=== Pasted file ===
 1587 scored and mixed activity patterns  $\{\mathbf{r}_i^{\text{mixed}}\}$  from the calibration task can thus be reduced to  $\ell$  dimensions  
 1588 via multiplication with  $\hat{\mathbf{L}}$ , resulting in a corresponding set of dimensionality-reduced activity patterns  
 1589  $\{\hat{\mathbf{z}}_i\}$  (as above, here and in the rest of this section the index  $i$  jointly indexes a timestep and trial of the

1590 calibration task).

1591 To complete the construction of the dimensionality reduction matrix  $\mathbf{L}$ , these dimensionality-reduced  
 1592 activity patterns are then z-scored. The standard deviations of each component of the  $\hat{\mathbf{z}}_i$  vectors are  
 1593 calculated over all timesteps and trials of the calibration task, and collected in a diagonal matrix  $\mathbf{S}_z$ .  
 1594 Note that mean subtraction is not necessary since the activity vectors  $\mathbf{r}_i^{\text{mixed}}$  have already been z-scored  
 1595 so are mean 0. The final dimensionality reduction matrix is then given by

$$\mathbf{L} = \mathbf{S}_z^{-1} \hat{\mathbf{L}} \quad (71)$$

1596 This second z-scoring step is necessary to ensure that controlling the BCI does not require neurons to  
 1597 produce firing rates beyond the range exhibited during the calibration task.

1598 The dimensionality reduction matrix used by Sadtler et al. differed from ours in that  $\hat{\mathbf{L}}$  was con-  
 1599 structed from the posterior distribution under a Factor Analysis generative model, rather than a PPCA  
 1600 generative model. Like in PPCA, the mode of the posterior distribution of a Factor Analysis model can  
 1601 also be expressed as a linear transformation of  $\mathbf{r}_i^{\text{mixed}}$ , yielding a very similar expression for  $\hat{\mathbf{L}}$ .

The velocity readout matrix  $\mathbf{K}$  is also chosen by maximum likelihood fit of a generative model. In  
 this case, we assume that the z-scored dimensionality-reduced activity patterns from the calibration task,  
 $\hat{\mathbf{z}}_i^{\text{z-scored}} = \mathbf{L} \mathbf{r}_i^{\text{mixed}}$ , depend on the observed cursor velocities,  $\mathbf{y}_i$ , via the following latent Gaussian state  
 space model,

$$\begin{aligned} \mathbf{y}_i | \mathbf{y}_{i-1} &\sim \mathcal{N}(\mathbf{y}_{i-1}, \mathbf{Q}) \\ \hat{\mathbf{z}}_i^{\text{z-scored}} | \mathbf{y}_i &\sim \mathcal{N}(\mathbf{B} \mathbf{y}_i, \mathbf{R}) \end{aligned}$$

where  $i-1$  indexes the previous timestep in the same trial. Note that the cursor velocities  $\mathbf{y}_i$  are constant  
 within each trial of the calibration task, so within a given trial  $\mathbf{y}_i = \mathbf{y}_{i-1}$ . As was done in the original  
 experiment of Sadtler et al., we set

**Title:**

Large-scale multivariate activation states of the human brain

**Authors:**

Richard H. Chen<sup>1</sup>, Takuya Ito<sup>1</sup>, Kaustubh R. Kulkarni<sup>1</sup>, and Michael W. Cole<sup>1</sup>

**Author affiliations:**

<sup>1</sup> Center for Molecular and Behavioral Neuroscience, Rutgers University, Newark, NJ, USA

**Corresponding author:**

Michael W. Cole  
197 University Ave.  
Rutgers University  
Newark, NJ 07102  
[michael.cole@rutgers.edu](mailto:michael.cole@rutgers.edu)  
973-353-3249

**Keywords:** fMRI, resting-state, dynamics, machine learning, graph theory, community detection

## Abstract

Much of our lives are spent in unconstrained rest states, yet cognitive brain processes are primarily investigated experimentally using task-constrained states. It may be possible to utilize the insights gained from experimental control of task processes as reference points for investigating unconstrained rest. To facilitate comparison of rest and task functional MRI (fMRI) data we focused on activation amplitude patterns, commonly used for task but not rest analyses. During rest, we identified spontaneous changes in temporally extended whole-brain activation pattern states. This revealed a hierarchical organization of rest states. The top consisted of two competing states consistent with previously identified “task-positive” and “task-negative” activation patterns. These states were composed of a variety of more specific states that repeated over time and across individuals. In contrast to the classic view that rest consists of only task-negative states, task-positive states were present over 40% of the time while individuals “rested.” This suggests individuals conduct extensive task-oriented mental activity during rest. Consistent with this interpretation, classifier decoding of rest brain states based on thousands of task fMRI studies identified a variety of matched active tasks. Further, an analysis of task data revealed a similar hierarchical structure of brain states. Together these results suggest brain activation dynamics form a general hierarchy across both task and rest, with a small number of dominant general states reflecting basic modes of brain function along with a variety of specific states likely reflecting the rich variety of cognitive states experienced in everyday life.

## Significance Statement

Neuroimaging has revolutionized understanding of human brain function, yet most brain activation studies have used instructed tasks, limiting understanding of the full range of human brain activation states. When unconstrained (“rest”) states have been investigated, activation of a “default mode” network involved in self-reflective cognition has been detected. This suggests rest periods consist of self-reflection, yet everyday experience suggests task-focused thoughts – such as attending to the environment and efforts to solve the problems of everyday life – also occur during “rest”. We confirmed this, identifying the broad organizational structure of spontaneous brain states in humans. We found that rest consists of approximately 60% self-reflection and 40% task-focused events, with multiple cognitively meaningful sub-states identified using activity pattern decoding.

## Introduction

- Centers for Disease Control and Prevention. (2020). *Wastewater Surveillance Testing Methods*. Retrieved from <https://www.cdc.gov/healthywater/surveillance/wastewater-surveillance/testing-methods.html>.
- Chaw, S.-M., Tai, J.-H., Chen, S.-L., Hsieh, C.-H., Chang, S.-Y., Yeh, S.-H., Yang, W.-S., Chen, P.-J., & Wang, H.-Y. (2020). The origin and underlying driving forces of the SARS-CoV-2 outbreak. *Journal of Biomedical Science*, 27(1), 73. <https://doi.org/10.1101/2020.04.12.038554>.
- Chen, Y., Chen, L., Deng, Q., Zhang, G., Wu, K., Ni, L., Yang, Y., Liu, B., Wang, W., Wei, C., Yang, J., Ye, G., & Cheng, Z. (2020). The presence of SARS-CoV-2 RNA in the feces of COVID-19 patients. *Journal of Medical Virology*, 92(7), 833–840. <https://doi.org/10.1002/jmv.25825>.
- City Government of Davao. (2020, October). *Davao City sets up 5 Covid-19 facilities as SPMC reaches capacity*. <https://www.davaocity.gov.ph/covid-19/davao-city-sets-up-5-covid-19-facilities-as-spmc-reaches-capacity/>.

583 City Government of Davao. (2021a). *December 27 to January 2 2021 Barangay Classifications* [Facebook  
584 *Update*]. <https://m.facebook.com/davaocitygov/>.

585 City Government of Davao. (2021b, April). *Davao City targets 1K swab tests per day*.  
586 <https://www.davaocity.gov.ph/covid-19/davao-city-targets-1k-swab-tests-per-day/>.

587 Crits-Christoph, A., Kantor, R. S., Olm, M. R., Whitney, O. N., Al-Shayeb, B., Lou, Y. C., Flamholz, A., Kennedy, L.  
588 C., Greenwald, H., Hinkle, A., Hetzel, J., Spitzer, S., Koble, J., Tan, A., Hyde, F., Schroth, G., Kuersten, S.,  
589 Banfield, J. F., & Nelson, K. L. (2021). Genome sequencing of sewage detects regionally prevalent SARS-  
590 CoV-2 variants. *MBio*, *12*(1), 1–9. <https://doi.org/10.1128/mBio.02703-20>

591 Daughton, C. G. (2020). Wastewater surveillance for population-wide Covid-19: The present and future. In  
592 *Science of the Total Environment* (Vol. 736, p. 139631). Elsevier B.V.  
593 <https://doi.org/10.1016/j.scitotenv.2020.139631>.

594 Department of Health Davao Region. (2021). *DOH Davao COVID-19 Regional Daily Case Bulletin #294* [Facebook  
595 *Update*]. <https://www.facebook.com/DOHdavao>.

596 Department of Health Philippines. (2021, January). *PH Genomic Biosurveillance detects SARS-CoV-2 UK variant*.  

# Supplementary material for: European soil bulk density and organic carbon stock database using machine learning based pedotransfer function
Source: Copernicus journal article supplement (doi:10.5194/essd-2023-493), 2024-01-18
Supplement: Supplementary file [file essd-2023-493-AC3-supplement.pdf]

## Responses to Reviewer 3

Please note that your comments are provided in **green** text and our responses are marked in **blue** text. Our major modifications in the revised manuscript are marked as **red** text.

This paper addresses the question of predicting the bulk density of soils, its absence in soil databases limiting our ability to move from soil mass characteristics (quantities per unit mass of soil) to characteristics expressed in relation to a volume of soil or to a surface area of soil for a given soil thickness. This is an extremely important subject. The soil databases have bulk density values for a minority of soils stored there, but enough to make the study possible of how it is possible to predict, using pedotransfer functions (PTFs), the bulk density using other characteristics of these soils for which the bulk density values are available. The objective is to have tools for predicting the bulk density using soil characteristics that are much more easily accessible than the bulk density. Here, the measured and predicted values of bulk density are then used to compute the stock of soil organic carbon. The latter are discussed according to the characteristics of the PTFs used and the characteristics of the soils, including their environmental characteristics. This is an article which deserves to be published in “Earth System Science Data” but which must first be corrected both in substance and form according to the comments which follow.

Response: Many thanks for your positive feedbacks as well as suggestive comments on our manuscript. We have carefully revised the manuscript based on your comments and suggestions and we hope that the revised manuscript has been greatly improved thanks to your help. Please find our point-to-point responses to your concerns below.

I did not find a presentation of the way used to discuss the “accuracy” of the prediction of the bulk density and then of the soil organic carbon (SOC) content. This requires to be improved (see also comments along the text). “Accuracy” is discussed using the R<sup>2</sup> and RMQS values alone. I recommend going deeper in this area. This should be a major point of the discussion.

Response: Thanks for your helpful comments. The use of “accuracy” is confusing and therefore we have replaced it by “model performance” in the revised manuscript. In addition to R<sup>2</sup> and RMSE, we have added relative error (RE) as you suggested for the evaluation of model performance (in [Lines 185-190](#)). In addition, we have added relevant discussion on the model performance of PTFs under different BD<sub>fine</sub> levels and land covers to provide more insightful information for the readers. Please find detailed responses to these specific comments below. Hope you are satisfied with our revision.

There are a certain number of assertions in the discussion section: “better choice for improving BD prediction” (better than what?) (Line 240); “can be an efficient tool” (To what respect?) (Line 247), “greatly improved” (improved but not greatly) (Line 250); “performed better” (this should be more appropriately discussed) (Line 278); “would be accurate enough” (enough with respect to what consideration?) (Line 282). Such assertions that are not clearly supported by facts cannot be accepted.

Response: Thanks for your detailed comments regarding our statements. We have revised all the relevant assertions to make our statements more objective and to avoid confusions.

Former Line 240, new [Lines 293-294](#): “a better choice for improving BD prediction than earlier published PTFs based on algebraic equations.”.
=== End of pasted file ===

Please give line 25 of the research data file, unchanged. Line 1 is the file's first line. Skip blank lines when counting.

**Title:**